I will be honest with you and tell you that it might take me some time to adjust to what you told me. But, that is about me and not about you. And no matter how long that takes, you will always have my love, protection, and support. You must also know that I will fight tirelessly for you, as I always have, to ensure you have the same rights and opportunities as other people. I will be in your corner. I will be your defender, supporter, and advocate. I will never shame you, bully you, or call you names. I must be honest, other people might. But that is all about them and their issues, not about you.
Boys, I don’t care if you are straight, gay, bisexual or transgender. All I want for you both is to be happy and safe. And, to eat your broccoli.
All my love now and always,
Sometime ago, I was told “balance” is a weasel word when I used it to describe both my orientation to teaching and learning and my practice in the classroom. I don’t really worry about being called names by anonymous Twitter folks, but what struck me is the negativity that suggesting teachers use a balanced approach to teaching and learning received.
More recently, I was “called out” again on this position and was told that it was responsible for reduced scores on international standardized tests. Further, some individuals suggest that the position is dangerous as it promotes and, in fact, exacerbates the divide between wealthy students and those in poverty.
Many of those who question my position advocate for teachers using scripted, Direct Instruction lessons, which are supposedly rigorously tested to ensure consistent teaching results time after time. As I have never used such lessons, I cannot attest to the veracity of that claim.
Finally, some commentators on social media, who have little to no experience in a K-12 classroom, suggest that saying we are “student centred” is a euphemistic way of casting off responsibility for educating our students.
I have said many times throughout my career as a classroom teacher and administrator, that many individuals should have a voice in how education is conducted in our schools. But, that doesn’t mean they should shape teaching and learning in our classrooms. Honestly, that is the job of the professional teacher in the room. Sometimes those teachers should use direct instruction – I don’t think they should ever use pre-scripted lesson plans but that is my opinion – and sometimes they should use other pedagogical approaches. Teachers should incorporate technology into their lessons where it is appropriate but it should never be used as a babysitter. Teachers should stay on top of professional research and adopt an orientation as a continual learner. However, they should be very cautious of accepting advice from those who have not actually taught in a K-12 classroom.
Some people would like teaching and learning to be boiled down to an exact science whereby results are replicable across all learning situations. I don’t believe that is a possibility. Teaching is not an exact science – I would argue it is more of an artform. The truly master teachers will have an understanding of the science of teaching and learning, and be artful in their craft knowing when and which approach to use.
But, those are just my thoughts.
Have a great day,
I no longer teach everyday – what am I?
That is the riddle I’ve been thinking about for a while. I am no longer in a classroom full time. Can I call myself a teacher? I still teach. Actually, I spend a lot of time in classrooms working with students from grade 1 through 12. But, do I get to still call myself a teacher?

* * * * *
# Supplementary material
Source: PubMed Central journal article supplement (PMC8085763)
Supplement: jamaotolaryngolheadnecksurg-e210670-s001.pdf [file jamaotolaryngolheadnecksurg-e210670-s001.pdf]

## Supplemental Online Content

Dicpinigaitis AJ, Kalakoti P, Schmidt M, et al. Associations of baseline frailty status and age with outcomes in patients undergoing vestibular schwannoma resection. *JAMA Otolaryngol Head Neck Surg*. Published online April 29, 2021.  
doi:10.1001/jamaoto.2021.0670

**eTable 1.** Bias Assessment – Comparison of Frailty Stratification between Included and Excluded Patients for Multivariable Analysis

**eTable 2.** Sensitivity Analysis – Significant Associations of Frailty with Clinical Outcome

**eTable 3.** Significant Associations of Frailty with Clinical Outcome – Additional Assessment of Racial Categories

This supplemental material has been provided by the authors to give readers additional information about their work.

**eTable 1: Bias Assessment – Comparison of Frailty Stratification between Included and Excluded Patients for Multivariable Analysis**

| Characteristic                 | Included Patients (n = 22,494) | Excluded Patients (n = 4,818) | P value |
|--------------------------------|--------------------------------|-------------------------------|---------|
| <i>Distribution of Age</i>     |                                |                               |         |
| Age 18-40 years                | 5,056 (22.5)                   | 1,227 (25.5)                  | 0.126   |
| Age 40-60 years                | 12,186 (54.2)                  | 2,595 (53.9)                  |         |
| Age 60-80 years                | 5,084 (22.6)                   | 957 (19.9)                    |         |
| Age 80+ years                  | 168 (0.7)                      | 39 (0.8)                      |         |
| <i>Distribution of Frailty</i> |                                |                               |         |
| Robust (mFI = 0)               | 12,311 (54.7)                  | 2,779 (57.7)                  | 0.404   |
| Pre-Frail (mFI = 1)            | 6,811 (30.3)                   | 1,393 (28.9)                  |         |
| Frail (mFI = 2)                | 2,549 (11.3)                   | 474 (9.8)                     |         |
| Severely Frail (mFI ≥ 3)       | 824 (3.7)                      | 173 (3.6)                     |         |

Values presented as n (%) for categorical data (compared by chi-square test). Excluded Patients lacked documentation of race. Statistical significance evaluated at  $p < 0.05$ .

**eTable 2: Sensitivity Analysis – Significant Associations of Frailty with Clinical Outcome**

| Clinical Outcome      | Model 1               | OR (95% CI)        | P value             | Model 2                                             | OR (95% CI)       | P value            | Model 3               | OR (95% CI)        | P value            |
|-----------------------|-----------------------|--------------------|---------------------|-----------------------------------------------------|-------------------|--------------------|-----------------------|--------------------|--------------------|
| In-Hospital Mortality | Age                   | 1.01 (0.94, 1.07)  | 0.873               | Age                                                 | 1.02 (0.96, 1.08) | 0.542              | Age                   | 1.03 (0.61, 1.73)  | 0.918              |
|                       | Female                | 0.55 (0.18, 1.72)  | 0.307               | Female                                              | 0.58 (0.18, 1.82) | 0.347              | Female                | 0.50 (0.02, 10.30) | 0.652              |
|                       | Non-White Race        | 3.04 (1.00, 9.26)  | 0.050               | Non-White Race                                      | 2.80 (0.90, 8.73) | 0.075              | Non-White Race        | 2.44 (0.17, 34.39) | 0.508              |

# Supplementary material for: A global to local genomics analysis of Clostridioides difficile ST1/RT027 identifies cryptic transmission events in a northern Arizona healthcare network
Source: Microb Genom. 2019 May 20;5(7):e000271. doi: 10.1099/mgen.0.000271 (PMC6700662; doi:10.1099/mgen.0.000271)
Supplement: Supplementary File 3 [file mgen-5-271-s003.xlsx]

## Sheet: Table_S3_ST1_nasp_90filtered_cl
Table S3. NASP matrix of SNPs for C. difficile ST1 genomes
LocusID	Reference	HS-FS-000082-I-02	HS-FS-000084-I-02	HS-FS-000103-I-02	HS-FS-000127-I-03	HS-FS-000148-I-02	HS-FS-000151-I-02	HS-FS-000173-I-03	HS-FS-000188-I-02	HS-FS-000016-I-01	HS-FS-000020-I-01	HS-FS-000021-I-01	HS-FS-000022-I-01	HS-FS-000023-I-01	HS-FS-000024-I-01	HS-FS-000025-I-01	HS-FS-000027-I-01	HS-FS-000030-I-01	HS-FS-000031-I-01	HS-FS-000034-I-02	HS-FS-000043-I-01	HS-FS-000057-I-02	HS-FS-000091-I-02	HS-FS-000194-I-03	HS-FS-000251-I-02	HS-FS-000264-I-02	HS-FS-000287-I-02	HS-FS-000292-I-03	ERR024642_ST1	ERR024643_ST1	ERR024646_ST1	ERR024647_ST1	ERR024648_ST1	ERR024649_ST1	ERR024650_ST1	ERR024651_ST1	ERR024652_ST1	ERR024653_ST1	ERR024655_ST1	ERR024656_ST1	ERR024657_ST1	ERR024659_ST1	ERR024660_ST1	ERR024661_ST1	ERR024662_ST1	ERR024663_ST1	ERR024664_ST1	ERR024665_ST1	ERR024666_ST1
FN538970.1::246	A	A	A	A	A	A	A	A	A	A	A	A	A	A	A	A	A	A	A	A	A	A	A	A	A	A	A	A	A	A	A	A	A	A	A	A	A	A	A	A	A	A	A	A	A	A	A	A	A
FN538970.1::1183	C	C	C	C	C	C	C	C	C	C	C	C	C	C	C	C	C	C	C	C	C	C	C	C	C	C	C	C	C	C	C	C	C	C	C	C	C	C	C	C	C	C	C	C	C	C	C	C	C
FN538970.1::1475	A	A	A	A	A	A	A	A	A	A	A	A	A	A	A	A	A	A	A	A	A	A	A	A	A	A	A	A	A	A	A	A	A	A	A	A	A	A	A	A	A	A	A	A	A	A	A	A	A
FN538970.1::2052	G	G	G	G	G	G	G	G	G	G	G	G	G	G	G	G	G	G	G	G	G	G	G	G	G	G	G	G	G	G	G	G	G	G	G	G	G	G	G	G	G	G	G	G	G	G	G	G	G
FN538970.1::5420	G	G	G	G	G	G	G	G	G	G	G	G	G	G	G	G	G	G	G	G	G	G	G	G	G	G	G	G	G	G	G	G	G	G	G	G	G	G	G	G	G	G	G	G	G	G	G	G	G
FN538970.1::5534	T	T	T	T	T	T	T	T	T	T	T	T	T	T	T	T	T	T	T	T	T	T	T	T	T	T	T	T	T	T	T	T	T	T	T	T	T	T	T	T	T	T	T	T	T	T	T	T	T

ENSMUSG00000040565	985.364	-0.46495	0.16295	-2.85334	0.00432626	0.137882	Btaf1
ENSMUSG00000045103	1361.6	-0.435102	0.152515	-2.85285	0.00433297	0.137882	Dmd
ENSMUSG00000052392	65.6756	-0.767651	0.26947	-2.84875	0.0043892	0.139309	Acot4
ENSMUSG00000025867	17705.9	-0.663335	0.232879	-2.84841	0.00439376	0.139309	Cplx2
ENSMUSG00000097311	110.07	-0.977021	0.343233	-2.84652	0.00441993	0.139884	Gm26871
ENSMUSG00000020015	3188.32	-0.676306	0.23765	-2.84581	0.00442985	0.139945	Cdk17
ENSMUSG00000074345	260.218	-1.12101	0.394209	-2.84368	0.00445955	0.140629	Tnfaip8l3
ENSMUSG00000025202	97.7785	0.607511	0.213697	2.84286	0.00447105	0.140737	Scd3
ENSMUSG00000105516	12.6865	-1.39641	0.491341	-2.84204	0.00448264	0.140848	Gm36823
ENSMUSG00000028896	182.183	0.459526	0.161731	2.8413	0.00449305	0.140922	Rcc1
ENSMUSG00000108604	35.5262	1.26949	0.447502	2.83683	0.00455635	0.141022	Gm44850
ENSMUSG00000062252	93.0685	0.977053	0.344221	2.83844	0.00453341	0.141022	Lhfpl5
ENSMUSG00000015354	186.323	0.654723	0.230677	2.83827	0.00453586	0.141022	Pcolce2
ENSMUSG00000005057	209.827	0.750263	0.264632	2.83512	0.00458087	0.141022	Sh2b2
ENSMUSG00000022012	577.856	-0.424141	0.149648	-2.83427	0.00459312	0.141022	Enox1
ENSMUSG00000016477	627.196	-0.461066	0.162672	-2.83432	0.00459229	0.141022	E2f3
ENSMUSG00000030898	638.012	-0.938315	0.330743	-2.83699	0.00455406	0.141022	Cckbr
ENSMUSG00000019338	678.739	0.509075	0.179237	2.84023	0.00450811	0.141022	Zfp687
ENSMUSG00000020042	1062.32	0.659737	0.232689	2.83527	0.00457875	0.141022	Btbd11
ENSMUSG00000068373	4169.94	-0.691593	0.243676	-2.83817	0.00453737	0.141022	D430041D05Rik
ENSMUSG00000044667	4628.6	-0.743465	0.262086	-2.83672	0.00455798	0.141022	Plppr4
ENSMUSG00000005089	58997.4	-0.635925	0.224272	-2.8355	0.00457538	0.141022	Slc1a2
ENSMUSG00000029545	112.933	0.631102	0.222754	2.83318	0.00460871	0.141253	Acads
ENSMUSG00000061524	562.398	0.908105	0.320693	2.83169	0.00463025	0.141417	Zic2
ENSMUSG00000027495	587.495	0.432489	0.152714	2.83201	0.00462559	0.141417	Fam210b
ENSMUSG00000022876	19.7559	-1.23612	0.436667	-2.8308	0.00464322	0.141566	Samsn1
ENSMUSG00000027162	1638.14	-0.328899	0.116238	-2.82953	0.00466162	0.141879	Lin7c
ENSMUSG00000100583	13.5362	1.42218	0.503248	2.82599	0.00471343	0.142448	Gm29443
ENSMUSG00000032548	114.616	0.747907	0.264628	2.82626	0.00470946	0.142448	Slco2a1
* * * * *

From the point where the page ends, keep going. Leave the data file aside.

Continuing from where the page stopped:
A while ago, someone online told me that I was no longer a teacher in the true sense of the word. That got me thinking about what the true sense of the word teacher is. If you want to conduct an interesting social experiment, ask people to define “teacher.”
In Alberta, there is a legal definition of a teacher – a person who holds a valid teaching certificate. In order to obtain this certificate, you must hold a teaching degree and meet the requirements of the Teaching Quality Standard. I have such a certificate. However, if you asked me where it is in my house, I couldn’t tell you. But, trust me, I have one. So, step one taken care of. But am I a teacher.
When I asked people to tell me how they define the word “teacher,” many said: someone who works with kids. That’s a pretty broad definition but, that still describes me. I work with kids a lot. Another definition included: “works in a school.” Again, fairly general but I do work in a school. Actually, I work in 13 schools which is great. A further definition: “teaches kids stuff.” Not the most articulate, but I get it. Teachers are responsible for promoting learning in their classroom. Again, I meet this criteria. I teach students how to utilize digital resources so as to promote their learning and, hopefully, make their lives a bit easier. But am I a teacher?
When we remove the wings from airplanes, we render them incapable of flying. In the case of teaching and learning, in order to fly, we need to remove the wings.
As a Social Studies teacher, I spent many lessons going over the political spectrum and the core features of the left and right wing with my students. Generally, ideologies which are right of centre value tradition and the status quo. These ideologies value individualism and limited government intervention in the lives of the people. As well, equality of opportunity where every individual has the opportunity to succeed without the help of the government, is a key feature. In addition, competition plays a key role in these ideologies.
Ideologies to the left of centre are often viewed as progressive due to their desire to see change to society. These ideologies value equality of condition where the government plays a larger role in society to ensure the needs of the populace are met. Consequently, these ideologies value collective responsibility. That is not to say that individualism and competition are absent left of centre. It does mean, however, that government structures are used to promote the greater good.
The Wings in Education